Illustration, what made by ink, then it was digitalized.

Resilience is a bucket.
Resilience is a piece of elastic.
Resilience is training for a marathon.

I’m talking in riddles and I’m avoiding any reference to better-informed sources than my own experience.

Let’s start with the last. If you’re training for a marathon, on the first day you’d have no hope of completing it. You exercise, you eat and drink well, you take care of your body and you sleep well. And by the end of your training period, you’re up for the gruelling challenge. I don’t believe that resilience is innate: it’s a capacity that can be developed, but it takes effort and insight. It also helps to have a personal trainer, and someone to cheer you along the route, returning to the analogy, because it’s easier to be resilient if you’re in good company.

Let’s pick up the piece of elastic. My resilience may have helped me to withstand all sorts of setbacks, or the earth-shaking roller-coaster of events over the past two decades. There have been times when I thought I might shatter into pieces, but I’ve surprised myself and got through them. However, if you stretch elastic for long enough, it breaks. However tough and impervious to stress we might think we are, the body has a way of telling us we’ve stretched ourselves too far. That’s where honesty and kindness come in: being honest with yourself about how tired, scared or stressed you are, before you end up in hospital. Been there, elastic snapped…

Finally, this bucket. I pride myself on being able to deal with most situations. I can get a bit shouty and needy, but that’s part of my resilience (admitting I need help or a hug). As I mentioned in my bit about courage, I become calm in danger. The same sort of thing quite often happens in situations where I am under pressure: my Vulcan takes over and I assume command, both of the situation and of myself.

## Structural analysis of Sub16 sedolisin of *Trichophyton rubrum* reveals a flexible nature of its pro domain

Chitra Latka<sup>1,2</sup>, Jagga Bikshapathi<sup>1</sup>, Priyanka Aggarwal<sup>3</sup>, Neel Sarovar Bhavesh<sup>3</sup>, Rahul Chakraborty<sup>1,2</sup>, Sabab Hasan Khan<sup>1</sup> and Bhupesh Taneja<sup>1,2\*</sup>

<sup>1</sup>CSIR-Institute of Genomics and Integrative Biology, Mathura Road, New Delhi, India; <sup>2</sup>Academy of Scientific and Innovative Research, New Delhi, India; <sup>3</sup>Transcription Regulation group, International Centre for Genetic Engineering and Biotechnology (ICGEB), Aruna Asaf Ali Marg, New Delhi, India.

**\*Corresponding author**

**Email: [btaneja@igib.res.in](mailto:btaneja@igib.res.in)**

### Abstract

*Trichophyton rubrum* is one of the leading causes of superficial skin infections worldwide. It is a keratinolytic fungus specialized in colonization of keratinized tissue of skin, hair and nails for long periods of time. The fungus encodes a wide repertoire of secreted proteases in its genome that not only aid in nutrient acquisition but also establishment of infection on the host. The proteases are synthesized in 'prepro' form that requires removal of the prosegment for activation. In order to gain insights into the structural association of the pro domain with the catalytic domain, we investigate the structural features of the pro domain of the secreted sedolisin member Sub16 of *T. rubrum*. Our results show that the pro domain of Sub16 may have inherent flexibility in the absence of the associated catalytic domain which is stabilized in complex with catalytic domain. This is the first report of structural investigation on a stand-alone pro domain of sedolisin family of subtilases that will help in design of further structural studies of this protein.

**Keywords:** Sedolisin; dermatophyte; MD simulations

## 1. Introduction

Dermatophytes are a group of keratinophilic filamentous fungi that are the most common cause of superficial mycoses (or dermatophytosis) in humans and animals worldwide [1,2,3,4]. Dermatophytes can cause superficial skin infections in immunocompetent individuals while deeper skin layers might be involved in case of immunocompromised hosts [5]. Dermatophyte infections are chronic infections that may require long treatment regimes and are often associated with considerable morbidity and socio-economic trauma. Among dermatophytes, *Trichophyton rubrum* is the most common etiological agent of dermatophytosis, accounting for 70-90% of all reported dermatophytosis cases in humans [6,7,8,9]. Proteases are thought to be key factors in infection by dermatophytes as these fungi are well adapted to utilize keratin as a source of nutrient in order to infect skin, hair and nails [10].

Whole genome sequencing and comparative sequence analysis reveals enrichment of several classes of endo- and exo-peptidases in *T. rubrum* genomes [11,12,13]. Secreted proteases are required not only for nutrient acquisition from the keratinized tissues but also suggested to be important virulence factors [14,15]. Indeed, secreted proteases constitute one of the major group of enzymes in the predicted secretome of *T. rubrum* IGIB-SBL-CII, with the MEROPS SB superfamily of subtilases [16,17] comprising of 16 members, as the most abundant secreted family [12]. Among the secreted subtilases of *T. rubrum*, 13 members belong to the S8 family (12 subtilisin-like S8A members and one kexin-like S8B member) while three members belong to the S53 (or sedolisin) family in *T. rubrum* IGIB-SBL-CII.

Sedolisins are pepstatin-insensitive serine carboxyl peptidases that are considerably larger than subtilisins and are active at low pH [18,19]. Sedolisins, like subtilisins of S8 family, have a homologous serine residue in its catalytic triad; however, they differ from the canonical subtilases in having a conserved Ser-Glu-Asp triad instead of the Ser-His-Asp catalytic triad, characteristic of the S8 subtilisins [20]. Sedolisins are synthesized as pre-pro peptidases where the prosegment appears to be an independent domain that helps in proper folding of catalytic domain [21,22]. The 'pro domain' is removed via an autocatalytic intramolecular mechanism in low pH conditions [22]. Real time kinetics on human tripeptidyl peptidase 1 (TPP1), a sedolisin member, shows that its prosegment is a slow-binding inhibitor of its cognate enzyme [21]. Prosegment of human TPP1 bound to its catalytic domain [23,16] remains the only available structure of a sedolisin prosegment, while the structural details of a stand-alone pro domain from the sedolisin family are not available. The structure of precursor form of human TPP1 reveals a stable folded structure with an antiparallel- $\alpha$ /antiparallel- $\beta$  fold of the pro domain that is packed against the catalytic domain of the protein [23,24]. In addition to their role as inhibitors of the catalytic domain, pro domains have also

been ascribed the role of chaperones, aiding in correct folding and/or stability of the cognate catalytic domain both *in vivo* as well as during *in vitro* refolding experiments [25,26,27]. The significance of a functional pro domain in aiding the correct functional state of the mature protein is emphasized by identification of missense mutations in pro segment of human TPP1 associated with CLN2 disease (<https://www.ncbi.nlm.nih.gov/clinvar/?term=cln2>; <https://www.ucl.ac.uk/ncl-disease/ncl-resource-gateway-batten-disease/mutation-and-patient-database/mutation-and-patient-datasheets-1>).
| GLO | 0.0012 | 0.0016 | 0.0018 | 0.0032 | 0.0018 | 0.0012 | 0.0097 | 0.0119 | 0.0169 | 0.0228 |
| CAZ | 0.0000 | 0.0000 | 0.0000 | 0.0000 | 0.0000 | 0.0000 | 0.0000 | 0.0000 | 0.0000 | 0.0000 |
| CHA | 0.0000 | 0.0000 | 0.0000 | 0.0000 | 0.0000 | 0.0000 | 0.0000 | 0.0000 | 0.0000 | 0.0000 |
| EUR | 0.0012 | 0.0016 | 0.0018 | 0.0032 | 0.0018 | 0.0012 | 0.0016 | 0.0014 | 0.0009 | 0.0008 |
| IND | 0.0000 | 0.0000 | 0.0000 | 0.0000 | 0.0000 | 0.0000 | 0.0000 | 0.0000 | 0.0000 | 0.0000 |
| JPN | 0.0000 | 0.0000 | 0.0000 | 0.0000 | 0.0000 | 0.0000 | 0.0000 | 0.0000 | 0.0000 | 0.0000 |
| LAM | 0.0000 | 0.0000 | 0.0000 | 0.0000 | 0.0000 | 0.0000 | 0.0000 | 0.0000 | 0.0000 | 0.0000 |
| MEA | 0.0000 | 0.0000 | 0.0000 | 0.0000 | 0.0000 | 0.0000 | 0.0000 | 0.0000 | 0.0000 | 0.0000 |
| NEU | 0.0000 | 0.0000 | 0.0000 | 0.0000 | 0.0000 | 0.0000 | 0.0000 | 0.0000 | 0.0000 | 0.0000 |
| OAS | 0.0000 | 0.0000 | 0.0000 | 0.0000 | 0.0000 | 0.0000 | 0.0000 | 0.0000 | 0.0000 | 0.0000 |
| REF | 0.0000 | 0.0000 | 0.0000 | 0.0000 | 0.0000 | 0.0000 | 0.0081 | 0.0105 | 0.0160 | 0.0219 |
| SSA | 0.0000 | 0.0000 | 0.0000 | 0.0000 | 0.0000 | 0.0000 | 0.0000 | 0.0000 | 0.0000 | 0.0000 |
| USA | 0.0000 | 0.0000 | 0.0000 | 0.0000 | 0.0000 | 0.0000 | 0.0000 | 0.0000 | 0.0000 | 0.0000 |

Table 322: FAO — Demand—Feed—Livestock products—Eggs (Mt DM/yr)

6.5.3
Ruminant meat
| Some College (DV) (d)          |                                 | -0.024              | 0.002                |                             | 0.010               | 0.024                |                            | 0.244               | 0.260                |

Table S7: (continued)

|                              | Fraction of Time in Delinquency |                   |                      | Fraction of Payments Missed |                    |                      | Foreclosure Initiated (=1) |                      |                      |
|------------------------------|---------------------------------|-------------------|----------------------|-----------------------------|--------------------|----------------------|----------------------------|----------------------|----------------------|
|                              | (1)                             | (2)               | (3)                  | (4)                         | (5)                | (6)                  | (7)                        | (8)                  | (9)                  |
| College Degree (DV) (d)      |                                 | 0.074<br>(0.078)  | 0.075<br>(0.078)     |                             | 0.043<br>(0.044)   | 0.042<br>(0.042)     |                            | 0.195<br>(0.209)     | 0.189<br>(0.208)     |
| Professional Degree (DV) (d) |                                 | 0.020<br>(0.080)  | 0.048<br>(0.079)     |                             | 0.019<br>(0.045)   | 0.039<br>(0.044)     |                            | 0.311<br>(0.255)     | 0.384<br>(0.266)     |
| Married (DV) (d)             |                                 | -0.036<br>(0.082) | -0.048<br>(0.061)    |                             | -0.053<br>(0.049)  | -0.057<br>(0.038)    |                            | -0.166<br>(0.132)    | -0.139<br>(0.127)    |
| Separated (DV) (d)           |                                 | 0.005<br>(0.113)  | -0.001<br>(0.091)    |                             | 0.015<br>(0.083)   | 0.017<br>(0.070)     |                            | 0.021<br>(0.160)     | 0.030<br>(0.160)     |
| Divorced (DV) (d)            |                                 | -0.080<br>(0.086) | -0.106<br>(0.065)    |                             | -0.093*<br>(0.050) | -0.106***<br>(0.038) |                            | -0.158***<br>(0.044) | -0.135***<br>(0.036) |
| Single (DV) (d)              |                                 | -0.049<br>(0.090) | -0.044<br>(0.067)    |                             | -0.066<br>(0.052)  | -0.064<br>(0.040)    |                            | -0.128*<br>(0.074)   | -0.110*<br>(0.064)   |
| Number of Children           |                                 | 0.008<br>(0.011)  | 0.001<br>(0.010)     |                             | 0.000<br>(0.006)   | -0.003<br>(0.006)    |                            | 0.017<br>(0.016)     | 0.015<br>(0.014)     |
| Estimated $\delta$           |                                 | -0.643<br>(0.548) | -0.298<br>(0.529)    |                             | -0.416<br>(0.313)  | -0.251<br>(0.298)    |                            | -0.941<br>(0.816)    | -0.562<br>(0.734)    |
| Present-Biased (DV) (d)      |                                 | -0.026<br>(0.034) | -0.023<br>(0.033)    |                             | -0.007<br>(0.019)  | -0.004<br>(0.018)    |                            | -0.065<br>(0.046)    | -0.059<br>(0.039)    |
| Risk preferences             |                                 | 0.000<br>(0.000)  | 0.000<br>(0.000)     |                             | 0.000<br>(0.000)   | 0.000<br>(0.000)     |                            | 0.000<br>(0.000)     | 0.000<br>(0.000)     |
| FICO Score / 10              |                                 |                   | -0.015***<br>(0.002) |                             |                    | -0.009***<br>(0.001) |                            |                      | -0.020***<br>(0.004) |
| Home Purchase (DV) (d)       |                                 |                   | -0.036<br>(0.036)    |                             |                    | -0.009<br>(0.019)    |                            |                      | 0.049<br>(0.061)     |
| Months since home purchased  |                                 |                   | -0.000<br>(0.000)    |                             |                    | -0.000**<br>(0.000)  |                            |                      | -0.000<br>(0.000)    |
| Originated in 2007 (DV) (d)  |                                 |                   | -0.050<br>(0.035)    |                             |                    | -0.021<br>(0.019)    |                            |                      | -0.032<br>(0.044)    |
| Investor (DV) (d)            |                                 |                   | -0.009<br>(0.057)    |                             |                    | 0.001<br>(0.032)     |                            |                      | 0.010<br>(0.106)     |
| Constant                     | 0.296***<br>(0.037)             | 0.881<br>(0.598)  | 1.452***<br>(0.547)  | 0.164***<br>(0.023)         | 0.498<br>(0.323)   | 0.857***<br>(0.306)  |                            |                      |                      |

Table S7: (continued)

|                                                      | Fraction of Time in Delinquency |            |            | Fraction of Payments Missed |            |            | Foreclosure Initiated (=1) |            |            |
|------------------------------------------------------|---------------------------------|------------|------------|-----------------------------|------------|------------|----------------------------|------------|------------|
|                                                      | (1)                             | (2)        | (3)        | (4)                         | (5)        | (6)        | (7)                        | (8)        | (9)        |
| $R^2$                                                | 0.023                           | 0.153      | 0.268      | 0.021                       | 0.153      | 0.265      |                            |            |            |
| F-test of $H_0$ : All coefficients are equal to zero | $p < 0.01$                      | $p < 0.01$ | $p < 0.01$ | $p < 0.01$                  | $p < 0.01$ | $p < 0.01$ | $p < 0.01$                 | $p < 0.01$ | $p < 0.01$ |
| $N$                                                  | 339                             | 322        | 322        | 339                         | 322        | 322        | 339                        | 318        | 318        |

But last summer, I found myself crying a lot over little things. Privately, in my lovely colleague’s classroom, with the door shut. But crying big wet tears. She told me about the bucket. It’s my resilience: for the most part, it has capacity for whatever comes along. You just pour the problem in and move on. But when something really awful happens, she said, it almost fills your bucket. Then the smallest problem becomes insurmountable. My mum had died, and that left little space in my bucket for anything else. Which is why good colleagues keep one eye on someone who’s back at work after a bereavement and appears to be okay…

So what does this tell me?

  • First, resilience can be acquired and must be worked at.
  • Secondly, everyone has their limit and we must watch out for warning signs
  • Thirdly, however resilient we may think we are, circumstances may further limit our capacity to cope.

So let’s support one another, listen out for twanging elastic and check our buckets.

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